You have decided to write a book. You have an idea. You are excited about it. You even have a title … or at least a tentative one. But before you write, you have to plan. A formal plan is called a book proposal, and you need one for two reasons: Publishers require a book proposal to determine the marketability of your book, and you need it to think through every aspect of your book from its mission to how you will promote it. There are 5 essential parts of a nonfiction book proposal.
1. Concept statement
While it is the first thing an editor will see and read, it is the last thing you write. The Concept Statement is the encapsulation of the entire proposal. Therefore, it cannot be written until the proposal has been completed and all of your information is assembled and combined. The purpose of the concept statement is to hook the reader, who may be an acquisition editor at a publishing house, and make her turn the page and read the rest of the proposal.
2. About the book
The next-to-last section you write is a detailed description of the book from which the Concept Statement will be drawn; it cannot be written all at once. As each segment of the proposal is fleshed out, it can be threaded into About the Book and refined later. For example, the question “What else is out there on the subject?” depends on the information in the Competition section. Your proposal will be much stronger if you think through each part and then transfer the information to About the Book. To make that easier, this section appears right after the Concept Statement.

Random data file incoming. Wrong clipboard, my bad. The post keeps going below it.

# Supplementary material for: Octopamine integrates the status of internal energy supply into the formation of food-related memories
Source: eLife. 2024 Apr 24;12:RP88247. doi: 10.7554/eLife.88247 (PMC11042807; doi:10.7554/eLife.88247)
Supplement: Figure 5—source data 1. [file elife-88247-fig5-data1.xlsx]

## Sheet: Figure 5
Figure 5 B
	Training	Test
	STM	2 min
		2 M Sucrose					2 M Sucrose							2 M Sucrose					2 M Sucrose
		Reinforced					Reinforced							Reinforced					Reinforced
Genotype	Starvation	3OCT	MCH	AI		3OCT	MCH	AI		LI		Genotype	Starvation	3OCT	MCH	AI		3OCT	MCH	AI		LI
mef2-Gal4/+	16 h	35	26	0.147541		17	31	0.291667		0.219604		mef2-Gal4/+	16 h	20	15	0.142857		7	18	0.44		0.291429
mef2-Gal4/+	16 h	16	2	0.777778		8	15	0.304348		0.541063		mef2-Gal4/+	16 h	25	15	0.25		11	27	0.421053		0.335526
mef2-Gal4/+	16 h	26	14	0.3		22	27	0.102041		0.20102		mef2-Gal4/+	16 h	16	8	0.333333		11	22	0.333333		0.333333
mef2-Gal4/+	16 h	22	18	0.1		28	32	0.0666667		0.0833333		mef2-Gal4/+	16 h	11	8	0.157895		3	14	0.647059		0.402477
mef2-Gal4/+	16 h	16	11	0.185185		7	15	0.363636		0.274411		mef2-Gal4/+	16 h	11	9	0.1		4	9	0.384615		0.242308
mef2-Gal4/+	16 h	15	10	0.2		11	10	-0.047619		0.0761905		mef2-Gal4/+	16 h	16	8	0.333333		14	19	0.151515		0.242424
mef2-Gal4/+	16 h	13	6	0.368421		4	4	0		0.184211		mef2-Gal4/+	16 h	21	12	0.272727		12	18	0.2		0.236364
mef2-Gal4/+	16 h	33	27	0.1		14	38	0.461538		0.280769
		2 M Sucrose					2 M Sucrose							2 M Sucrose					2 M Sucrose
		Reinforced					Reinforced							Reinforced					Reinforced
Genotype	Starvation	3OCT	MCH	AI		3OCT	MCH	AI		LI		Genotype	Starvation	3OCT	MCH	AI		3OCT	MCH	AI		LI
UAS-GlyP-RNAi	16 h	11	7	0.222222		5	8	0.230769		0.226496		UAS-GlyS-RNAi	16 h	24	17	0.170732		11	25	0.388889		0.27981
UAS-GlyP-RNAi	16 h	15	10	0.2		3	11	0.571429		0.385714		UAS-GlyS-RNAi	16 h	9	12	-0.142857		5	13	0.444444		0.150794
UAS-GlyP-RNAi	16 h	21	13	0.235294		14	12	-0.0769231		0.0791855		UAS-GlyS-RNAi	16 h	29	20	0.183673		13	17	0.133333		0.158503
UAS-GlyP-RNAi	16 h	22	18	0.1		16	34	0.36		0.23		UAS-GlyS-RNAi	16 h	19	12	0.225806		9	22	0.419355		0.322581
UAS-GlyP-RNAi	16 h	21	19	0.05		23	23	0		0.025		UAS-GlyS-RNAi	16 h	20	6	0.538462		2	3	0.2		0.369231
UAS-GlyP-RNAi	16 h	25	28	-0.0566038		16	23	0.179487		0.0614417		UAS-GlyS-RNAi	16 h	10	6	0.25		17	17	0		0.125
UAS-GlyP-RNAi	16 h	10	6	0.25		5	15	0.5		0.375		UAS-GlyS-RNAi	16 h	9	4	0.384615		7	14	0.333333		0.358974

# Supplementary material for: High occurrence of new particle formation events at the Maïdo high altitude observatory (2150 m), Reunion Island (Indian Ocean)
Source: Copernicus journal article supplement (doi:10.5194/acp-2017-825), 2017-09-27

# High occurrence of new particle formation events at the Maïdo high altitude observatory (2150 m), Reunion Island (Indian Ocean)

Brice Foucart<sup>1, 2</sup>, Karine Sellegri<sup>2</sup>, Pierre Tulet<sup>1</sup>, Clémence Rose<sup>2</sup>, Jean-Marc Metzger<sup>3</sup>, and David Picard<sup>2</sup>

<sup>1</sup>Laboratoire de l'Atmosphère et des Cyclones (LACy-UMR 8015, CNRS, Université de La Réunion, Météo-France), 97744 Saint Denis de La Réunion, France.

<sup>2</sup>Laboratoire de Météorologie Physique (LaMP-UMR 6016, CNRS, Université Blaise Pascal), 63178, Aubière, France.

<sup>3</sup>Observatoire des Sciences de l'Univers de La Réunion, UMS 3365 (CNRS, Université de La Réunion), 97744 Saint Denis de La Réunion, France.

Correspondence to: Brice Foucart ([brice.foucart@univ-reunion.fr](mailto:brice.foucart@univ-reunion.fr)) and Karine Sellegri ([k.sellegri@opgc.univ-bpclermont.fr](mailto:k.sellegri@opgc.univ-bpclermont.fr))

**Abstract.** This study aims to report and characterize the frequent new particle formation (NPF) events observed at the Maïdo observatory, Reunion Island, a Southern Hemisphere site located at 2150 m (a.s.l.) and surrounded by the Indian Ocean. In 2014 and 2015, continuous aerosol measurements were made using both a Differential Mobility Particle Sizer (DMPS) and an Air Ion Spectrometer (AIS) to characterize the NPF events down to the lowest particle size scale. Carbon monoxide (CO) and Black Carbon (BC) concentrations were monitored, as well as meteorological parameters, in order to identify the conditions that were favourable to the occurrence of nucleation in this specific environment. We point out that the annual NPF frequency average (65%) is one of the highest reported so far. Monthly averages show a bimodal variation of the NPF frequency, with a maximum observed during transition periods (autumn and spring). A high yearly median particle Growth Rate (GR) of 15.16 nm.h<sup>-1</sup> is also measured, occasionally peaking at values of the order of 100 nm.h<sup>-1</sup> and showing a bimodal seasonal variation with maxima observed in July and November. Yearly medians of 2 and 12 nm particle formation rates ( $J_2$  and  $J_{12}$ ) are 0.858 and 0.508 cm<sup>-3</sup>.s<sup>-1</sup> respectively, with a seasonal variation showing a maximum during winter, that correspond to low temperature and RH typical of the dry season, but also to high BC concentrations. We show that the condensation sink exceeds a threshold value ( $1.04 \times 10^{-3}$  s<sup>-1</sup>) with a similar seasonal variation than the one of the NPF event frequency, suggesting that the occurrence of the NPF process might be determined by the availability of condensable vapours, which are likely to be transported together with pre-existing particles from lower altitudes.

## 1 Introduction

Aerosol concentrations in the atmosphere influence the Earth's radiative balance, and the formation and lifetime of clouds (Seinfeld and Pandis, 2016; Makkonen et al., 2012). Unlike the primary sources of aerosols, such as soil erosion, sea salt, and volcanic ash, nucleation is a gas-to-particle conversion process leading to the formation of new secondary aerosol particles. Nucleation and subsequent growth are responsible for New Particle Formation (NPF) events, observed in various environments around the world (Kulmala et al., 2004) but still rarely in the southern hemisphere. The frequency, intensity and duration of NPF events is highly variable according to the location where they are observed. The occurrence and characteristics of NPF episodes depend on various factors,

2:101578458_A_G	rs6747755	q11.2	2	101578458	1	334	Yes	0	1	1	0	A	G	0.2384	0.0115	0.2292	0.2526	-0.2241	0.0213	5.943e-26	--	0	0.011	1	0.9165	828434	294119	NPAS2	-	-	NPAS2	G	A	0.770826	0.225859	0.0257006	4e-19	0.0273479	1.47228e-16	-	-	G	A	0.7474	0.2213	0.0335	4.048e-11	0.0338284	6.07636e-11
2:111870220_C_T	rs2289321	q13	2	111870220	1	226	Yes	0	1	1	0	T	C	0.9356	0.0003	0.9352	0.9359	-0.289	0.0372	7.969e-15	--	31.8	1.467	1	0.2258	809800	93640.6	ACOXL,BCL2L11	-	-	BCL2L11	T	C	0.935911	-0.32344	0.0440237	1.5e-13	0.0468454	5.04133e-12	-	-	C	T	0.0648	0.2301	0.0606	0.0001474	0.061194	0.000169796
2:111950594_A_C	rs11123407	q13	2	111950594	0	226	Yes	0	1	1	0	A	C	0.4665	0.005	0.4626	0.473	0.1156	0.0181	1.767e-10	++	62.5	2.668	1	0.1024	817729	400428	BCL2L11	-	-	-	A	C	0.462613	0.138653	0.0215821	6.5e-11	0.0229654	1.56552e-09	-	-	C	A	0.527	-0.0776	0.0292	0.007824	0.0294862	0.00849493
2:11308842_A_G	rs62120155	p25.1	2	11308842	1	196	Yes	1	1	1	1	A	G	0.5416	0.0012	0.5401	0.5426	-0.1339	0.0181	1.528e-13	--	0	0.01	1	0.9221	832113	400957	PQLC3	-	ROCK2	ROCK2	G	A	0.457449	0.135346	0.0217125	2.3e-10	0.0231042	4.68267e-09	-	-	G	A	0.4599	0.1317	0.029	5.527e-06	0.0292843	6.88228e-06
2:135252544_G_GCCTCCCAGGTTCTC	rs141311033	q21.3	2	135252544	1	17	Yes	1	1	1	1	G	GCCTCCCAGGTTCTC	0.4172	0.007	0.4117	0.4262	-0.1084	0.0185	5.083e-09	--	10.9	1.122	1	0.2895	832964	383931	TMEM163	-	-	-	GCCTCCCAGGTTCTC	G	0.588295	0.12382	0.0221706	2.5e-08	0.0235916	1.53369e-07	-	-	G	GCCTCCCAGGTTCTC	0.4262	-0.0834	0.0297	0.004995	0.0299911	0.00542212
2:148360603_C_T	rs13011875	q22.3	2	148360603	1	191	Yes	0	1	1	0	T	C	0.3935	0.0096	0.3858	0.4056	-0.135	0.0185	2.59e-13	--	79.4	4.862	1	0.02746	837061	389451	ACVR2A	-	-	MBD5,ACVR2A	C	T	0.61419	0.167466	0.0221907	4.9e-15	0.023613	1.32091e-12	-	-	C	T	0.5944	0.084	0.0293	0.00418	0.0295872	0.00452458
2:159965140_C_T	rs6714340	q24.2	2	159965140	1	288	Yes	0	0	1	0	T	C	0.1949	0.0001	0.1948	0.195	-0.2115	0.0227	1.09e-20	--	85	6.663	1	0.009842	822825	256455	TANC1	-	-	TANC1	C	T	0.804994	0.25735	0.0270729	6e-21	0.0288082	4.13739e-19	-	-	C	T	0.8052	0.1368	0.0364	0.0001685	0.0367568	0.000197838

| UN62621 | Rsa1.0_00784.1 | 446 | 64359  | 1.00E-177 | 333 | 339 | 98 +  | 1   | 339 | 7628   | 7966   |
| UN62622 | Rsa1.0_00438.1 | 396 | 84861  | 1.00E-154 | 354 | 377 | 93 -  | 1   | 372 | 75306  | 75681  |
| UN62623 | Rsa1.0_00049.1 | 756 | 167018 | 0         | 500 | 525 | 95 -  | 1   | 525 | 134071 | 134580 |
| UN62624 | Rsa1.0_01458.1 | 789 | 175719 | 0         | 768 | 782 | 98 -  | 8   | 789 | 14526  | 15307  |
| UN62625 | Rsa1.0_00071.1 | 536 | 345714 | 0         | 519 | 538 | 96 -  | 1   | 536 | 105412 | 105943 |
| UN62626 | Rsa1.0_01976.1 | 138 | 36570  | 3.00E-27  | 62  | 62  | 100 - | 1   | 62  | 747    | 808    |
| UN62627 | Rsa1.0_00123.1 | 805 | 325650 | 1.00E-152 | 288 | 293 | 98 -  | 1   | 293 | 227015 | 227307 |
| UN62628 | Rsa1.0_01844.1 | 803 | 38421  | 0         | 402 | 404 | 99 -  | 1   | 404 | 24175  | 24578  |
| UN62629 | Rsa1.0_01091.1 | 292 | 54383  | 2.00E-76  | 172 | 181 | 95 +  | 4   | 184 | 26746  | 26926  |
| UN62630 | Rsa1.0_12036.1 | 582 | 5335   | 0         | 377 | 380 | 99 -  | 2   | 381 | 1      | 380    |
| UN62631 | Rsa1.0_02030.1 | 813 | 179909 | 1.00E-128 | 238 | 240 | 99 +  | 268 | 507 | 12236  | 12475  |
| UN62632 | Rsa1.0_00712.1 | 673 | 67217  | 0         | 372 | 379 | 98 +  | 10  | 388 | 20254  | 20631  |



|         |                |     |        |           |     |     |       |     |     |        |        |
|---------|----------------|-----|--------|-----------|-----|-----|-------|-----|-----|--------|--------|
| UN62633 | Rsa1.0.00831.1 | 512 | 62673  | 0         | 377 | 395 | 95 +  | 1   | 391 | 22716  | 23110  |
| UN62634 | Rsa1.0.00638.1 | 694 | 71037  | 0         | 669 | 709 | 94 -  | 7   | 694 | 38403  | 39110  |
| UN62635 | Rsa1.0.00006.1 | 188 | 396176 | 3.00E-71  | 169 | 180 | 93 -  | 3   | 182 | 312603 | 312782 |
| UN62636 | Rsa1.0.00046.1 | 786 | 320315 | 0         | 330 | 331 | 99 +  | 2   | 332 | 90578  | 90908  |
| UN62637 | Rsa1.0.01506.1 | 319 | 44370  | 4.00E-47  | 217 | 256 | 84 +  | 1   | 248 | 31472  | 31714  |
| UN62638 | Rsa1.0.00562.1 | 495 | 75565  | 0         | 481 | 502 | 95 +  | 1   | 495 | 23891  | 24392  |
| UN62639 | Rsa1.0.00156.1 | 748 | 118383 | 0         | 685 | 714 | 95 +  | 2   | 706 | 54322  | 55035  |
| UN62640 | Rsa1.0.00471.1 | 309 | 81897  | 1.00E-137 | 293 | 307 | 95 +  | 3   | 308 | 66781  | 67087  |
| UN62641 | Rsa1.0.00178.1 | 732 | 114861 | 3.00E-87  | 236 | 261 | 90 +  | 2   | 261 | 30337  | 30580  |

3. About the market
Your ideal reader is the person you imagine as you write: the man or woman who attends your presentations, comments on your blog, or visits your website; one of your students, a client, or a friend. Once you can describe your ideal reader, you will have a better idea of how big the market is. Begin by defining a category, such as self-help or autobiography, that indicates where the book belongs in the bookstore. This section must answer the following questions: How many potential readers are there? What publications are they reading? What is the circulation of those publications? What organizations do they belong to? How many members does each organization have? How can this market be reached? Where are readers likely to buy this book?
4. About the competition
Here is where you describe how other books on the same subject compare with yours. List major competitive titles and a very brief description of each. Explain what existing books on the subject cover or fail to cover. If there is nothing like this book on the market, why has no one tackled this subject? If there are many competitive titles, remember that there are very few unique topics.
5. About the author
This section contains your bio, with particular emphasis on your qualifications to write the book. This is the place to demonstrate your knowledge, experience, and expertise in relation to your subject. What makes you the ideal person to convey this information? What is the thread that connects you to your topic?
There are other questions covered by the proposal, but these are the most important. Both you and an acquisition editor want to know whether you have a viable idea for a book. That means, is is marketable? Will it sell? A well-researched proposal answers those questions.